A poor household could be defined as one who lives in one or two rooms, has a few light bulbs, one electric fan, an electric iron and a refrigerator. It is easy to estimate the monthly consumption of such a household and possible to subsidize consumption up to that threshold heavily. Once the household buys an air conditioner, it begins to pay market price! In substance, we let businesses and affluent households pay for poor households. In my opinion, this will still be cheaper than burning diesel to generate electricity!


The final piece in the electricity reform is the national grid. We need a grid that is more efficient and with greater capacity to carry electricity. Should the government own it fully and manage it? Again, No! The reason often adduced for government ownership of the national grid is - Security.


In the UK, their NEPA was called the Central Electricity Generating Board and had responsibility for generation and transmission in England and Wales. In the 1990s, the generation activities were transferred to three companies and its transmission activities to the National Grid Company plc.


National Grid Company plc was first listed on the stock exchange in 1995 and today, it is privately owned and one of the FTSE100 companies in the UK. It also operates 14,000 km of electricity transmission delivering electricity and gas to Massachusetts, New York and Rhode Island in the USA and Mr. Trump has not raised any security concerns! Of course, the national grid can be owned by the private sector as long as they are not enemy aliens.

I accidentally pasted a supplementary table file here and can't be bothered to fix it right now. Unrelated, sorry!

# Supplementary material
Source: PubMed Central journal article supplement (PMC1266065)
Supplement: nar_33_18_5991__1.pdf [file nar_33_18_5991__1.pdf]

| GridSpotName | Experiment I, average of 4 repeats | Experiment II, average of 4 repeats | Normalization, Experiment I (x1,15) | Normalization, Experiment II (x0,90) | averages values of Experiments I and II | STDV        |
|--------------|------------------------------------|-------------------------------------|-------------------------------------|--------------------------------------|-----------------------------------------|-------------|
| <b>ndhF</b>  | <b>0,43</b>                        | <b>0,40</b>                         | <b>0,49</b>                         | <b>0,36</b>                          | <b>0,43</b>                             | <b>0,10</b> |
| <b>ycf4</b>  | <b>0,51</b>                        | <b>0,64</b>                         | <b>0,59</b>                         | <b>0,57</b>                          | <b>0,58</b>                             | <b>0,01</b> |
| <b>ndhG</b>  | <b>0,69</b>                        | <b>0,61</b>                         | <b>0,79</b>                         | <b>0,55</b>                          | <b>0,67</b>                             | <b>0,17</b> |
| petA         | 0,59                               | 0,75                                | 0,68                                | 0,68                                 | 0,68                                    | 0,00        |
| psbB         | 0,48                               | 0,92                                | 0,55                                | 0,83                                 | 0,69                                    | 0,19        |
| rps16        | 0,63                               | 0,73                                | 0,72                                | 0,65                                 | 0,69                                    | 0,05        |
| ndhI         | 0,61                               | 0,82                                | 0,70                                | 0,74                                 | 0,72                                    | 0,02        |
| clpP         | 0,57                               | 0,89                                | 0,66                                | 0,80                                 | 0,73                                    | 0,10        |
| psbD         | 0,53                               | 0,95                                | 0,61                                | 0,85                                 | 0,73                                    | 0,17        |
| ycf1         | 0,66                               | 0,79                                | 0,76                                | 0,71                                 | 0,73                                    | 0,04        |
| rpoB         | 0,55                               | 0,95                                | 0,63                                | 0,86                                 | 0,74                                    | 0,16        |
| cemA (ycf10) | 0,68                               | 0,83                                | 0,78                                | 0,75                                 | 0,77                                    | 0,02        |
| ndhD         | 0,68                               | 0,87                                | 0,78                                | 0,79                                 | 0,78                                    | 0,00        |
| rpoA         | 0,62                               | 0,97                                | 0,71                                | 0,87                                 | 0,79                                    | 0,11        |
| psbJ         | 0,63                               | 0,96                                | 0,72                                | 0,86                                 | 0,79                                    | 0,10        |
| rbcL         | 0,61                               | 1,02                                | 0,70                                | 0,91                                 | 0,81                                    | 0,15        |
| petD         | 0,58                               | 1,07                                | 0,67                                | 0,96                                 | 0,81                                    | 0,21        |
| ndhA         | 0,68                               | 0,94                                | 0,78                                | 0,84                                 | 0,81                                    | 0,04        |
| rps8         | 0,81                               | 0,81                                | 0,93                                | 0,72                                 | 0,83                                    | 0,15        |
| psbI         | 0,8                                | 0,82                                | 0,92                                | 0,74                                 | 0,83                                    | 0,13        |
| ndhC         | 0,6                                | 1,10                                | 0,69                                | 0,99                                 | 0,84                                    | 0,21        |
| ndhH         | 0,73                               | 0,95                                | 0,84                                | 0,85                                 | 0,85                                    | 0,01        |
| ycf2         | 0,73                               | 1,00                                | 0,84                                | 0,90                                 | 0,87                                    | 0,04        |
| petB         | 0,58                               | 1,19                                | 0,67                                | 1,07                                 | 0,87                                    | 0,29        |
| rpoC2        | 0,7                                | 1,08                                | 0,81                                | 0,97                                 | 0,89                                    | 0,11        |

Even if the FGN wants to own the grid, does she have the money required to improve the efficiency and capacity of the grid? Will the NASS approve these sums for investment in the grid instead of their constituency projects? Will government have the presence of mind to allocate enough resources annually for the maintenance of the grid? In decision making, will political exigencies not have priority over economic considerations?


Once we have a tariff that allows efficient players to cover their cost of capital, gas to use to generate electricity and a national grid that can evacuate electricity generated, supply of power will improve significantly.